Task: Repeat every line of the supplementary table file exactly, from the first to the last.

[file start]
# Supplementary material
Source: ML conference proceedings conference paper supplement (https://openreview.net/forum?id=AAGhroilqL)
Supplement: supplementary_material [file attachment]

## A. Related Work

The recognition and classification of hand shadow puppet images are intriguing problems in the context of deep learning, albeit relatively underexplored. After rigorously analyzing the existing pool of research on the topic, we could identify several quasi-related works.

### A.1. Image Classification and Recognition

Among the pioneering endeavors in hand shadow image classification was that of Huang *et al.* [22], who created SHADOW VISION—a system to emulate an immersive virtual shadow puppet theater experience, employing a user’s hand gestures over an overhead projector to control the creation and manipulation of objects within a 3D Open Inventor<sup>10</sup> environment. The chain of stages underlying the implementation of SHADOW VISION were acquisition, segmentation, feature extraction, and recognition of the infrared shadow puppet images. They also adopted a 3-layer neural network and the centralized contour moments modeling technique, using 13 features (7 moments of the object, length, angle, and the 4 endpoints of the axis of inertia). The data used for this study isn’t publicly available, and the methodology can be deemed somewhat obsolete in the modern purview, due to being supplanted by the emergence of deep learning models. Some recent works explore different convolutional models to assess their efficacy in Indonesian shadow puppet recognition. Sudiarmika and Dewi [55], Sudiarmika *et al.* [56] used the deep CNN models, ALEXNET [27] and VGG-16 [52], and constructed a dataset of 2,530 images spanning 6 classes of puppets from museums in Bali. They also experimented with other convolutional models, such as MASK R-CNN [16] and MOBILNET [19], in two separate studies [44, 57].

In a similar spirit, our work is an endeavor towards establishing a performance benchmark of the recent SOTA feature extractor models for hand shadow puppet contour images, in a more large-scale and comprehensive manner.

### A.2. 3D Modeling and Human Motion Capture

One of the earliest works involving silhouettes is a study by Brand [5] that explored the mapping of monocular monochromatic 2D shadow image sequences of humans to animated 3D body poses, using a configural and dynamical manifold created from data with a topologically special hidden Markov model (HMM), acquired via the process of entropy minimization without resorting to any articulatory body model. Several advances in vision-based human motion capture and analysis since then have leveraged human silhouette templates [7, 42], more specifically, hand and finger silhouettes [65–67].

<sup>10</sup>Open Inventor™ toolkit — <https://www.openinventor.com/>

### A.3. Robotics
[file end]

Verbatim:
# Supplementary material
Source: ML conference proceedings conference paper supplement (https://openreview.net/forum?id=AAGhroilqL)
Supplement: supplementary_material [file attachment]

## A. Related Work

The recognition and classification of hand shadow puppet images are intriguing problems in the context of deep learning, albeit relatively underexplored. After rigorously analyzing the existing pool of research on the topic, we could identify several quasi-related works.

### A.1. Image Classification and Recognition

Among the pioneering endeavors in hand shadow image classification was that of Huang *et al.* [22], who created SHADOW VISION—a system to emulate an immersive virtual shadow puppet theater experience, employing a user’s hand gestures over an overhead projector to control the creation and manipulation of objects within a 3D Open Inventor<sup>10</sup> environment. The chain of stages underlying the implementation of SHADOW VISION were acquisition, segmentation, feature extraction, and recognition of the infrared shadow puppet images. They also adopted a 3-layer neural network and the centralized contour moments modeling technique, using 13 features (7 moments of the object, length, angle, and the 4 endpoints of the axis of inertia). The data used for this study isn’t publicly available, and the methodology can be deemed somewhat obsolete in the modern purview, due to being supplanted by the emergence of deep learning models. Some recent works explore different convolutional models to assess their efficacy in Indonesian shadow puppet recognition. Sudiarmika and Dewi [55], Sudiarmika *et al.* [56] used the deep CNN models, ALEXNET [27] and VGG-16 [52], and constructed a dataset of 2,530 images spanning 6 classes of puppets from museums in Bali. They also experimented with other convolutional models, such as MASK R-CNN [16] and MOBILNET [19], in two separate studies [44, 57].

In a similar spirit, our work is an endeavor towards establishing a performance benchmark of the recent SOTA feature extractor models for hand shadow puppet contour images, in a more large-scale and comprehensive manner.

### A.2. 3D Modeling and Human Motion Capture

One of the earliest works involving silhouettes is a study by Brand [5] that explored the mapping of monocular monochromatic 2D shadow image sequences of humans to animated 3D body poses, using a configural and dynamical manifold created from data with a topologically special hidden Markov model (HMM), acquired via the process of entropy minimization without resorting to any articulatory body model. Several advances in vision-based human motion capture and analysis since then have leveraged human silhouette templates [7, 42], more specifically, hand and finger silhouettes [65–67].

<sup>10</sup>Open Inventor™ toolkit — <https://www.openinventor.com/>

### A.3. Robotics